The Lotus 35 was built for the 1965 season to compete in the second and third tier Formula 2, Formula 3 and Antipodean Tasman series fitted with motors 1 litre / 61 cui to 2.5 litre / 152 cui. 22 of these cars were built and fitted with a variety of 4 cylinder motors, chassis #18 apparently was even fitted with a 4.7 litre / 289 cui V8 and driven to a Formula A class victory at Willow Springs by Vernon Shields in 1968.
In 1966 new Formula One regulations came into effect allowing engine sizes up to 3 litres / 183 cui doubling the capacity of the previous regulations which had been in effect since 1961. Few teams were prepared for the new reglulations many teams resorted to using interim 2 litre / 122 cui motors until larger units like the Ford Cosworth DFV became more widely available in 1968. Former MG engineer turned engine tuner Ted Martin who had built heads for Ford based Formula Junior motors and a series of three valve heads for Ford motors used in Saloon car racing designed an unusually compact lightweight all aluminium V8 dry sump competition motor for the new Formula One regulations while working for GM in Canada in the early 1960’s.
Upon returning to the UK, having built his engine, Ted Martin asked his customer racing car entrant Charles Lucas if he could fit his new 3 litre V8 motor into a slightly damaged Lotus 35, chassis number 35/F/19, similar to the one seen here at Oulton Park which belongs to Allan Rennie, that the Lucas team had been running in South America for Piers Courage.
Roy Pike first drove the Lotus Martin, also known as the Lucas Martin at the time, prepared by Roy Thomas in a Formula Libre race at Mallory Park on Boxing Day 1966 and recorded a 3rd place in what proved to be the cars only competitive event. After the 295 hp car had impressed Dan Gurney, by matching his Eagle for top speed at Goodwood, Piers Courage qualified the Lotus Martin 14th for the Race of Champions at Brands Hatch in 1967 but a rocker bent while the engine was being warmed up before the race forcing a DNS.
A further test at Snetterton would be the cars last outing, after dusting Jackie Stewart driving an H16 powered BRM, Piers missed his breaking point and sent the car into the wall with the subsequent fire writing off the car. Piers Courage appears to have been unhurt in the incident but Charles Lucas called it a day and concentrated on building Titan racing cars from then on. Three more Martin V8 powered Formula Once cars were built by motor factor dealer AJ Pearce, during the week before their first event the unattended Pearce transporter burnt to the ground destroying two Pearce Martins, along with a Cooper Ferrari, before they ever turned a wheel in competition.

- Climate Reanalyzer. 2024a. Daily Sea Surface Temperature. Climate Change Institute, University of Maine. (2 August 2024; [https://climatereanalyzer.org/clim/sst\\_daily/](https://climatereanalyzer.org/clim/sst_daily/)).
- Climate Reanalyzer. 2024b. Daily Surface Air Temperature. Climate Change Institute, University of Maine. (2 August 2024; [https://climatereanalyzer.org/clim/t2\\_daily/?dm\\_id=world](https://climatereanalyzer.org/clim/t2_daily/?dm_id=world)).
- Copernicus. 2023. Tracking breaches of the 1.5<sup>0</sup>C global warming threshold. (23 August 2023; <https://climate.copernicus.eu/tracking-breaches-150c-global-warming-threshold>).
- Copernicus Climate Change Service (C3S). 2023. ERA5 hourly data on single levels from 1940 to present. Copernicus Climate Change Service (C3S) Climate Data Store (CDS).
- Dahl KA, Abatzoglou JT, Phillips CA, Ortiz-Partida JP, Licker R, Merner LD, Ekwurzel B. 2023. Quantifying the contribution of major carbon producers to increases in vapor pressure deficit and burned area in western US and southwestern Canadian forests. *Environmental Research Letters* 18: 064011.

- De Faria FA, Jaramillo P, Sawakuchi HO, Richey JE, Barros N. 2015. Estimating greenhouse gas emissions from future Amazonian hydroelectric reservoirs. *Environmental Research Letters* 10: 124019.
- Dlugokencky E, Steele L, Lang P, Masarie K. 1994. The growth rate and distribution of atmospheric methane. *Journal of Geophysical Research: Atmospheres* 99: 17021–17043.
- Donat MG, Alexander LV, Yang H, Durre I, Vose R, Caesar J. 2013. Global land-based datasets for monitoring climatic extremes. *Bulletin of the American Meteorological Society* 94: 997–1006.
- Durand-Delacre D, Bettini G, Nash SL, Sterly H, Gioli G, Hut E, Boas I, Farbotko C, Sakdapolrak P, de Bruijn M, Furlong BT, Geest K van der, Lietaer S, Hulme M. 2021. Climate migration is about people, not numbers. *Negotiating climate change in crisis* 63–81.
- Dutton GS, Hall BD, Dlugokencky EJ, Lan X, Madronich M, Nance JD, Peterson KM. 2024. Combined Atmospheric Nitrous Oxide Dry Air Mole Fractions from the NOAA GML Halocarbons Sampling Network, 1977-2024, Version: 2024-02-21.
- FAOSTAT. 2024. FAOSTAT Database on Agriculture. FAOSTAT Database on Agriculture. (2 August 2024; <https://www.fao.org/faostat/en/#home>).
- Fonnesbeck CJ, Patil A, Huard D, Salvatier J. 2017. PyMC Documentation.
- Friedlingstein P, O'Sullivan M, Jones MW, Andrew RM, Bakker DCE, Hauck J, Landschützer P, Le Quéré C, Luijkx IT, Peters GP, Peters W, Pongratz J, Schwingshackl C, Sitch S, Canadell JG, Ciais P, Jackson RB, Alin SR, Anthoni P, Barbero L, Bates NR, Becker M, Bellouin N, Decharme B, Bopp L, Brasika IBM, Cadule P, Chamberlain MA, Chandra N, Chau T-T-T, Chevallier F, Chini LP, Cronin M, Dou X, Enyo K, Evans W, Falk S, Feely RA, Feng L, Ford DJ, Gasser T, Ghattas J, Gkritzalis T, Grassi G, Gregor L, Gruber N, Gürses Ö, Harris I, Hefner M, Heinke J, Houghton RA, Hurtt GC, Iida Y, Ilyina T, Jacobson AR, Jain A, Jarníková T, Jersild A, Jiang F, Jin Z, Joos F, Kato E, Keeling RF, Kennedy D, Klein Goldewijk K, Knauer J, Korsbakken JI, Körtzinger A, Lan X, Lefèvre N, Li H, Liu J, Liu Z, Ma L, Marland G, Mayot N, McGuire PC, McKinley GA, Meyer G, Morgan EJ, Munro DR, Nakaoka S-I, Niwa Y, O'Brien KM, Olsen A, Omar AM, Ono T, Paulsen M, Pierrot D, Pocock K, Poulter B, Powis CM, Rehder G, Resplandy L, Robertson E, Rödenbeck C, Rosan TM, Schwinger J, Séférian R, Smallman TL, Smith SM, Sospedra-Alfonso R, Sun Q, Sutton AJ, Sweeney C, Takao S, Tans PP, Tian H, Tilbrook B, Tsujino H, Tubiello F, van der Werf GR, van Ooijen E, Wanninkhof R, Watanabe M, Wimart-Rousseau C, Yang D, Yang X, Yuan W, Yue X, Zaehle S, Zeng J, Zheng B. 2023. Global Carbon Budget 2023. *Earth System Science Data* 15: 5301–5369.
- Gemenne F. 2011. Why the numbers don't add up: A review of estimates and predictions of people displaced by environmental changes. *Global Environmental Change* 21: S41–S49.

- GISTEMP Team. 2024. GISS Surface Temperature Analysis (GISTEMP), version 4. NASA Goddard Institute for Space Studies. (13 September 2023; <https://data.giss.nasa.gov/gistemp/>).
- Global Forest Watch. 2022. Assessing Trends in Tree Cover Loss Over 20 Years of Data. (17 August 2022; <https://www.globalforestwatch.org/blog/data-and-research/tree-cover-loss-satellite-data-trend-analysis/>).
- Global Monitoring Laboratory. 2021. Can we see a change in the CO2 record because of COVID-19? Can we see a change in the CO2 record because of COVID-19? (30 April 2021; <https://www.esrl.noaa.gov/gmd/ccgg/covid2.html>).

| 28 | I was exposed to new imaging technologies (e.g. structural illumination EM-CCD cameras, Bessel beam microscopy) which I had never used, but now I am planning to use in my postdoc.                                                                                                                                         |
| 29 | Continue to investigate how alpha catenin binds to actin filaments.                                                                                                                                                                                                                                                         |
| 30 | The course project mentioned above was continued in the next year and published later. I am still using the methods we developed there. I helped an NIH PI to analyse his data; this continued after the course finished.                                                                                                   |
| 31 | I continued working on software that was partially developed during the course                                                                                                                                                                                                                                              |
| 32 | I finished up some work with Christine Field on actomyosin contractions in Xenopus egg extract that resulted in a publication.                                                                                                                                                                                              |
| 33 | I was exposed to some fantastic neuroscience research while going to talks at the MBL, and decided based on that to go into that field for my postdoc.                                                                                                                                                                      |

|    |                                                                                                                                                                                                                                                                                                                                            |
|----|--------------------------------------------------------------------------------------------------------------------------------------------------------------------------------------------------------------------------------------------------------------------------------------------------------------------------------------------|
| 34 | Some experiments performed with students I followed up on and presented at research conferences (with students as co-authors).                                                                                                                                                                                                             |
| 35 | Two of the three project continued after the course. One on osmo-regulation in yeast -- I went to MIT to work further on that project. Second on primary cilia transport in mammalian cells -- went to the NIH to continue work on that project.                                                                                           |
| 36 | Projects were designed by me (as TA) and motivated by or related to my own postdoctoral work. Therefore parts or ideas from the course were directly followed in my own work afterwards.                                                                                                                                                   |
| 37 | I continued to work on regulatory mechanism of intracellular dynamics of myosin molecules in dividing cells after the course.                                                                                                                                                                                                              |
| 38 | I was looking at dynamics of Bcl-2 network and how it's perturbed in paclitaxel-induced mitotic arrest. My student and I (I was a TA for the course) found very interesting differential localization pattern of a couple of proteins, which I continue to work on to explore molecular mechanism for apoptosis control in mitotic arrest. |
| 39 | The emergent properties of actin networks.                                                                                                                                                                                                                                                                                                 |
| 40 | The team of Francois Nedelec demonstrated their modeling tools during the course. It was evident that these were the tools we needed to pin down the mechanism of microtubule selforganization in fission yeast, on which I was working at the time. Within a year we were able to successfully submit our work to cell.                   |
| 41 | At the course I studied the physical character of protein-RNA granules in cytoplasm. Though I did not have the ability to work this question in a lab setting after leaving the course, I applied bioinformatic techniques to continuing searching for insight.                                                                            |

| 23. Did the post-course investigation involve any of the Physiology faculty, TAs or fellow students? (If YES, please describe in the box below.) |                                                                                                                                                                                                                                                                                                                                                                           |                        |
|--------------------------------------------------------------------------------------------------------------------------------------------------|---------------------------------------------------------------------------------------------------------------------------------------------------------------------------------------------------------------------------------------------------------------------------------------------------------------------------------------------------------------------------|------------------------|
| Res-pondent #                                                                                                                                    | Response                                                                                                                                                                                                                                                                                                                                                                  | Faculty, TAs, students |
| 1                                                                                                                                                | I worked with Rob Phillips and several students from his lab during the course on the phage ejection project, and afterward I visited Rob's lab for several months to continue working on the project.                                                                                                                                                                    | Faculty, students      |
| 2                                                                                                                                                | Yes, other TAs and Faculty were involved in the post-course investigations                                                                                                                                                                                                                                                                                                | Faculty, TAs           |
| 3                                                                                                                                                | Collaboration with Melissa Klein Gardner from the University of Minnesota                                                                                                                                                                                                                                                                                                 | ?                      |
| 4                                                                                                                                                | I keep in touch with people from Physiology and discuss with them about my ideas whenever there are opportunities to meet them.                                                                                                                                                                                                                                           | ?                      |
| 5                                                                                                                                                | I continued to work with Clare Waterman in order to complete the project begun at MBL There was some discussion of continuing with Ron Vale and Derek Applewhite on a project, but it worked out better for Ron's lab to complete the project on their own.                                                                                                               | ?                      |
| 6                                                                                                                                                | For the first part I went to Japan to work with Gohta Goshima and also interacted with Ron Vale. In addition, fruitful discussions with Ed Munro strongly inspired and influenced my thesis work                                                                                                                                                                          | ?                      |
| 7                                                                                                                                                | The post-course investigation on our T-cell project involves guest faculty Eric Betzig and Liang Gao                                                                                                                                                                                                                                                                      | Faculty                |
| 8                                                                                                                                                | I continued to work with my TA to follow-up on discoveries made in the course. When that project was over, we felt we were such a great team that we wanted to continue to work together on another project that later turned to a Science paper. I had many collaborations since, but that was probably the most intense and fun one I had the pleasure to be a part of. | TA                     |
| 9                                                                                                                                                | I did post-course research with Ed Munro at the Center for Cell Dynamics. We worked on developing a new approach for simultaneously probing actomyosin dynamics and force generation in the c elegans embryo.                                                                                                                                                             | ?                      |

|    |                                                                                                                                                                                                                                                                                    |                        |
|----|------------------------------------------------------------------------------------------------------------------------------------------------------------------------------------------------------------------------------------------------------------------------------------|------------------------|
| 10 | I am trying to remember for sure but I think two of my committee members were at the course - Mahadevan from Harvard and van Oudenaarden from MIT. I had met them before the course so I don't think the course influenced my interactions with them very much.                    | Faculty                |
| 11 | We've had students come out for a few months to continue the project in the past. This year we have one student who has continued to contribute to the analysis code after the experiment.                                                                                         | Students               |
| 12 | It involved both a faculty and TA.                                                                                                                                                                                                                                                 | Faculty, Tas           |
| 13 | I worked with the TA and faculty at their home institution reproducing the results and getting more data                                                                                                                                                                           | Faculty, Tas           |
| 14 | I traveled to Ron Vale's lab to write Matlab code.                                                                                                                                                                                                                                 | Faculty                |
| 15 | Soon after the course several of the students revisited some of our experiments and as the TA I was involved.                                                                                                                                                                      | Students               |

Allan Rennie started his recreation of the Lotus Martin after finding one of the V8’s under a dust sheet in a workshop in Horsham in 2003. The process of turning the motor into a runner involved spending a year getting a pair of cylinder heads up to scratch, preparing a new pair of cylinder blocks acquired from Ted Martins workshop, selecting the best four pairs of forked and blade rods from over 40 used ones, machining big end shells to match the rods, manufacturing a new set of pistons, the cylinder head volumes turned out to vary and to over come this each has a different thickness head gasket to balance the compression ratio, and machining new rocker shafts. Note the holes in the double skin chassis required for the removal of the spark plugs.
Two years after finding the motor Allan acquired the Lotus 35 chassis #35/F/21 and since 2003 Allan reckons he has spent over 5000 hours and enough money to buy a ready to go Ford Cosworth DFV powered Formula One racing car stripping everything down to the last rivet making all the necessary repairs using all of the usable original materials to put the engine and chassis back to together.
Allan’s five years of hard graft was rewarded with a debut win on 31st May 2009 in the Snetterton Guards Trophy meeting, despite ‘dire’ handling, possibly a result of a motor with 3 times the cui than originally intended, Allan found himself in the right place at the right time when the two leaders retired.
My thanks to Allan who’s Lotus 35 Martin website gives further first hand details and to Macca and everyone who posted information on The Nostalgia Forum Martin Engines thread.
Thanks for joining me on this ‘Hot V8’ edition of ‘Gettin a li’l psycho on tyres’, I hope you will join me again tomorrow. Don’t forget to come back now !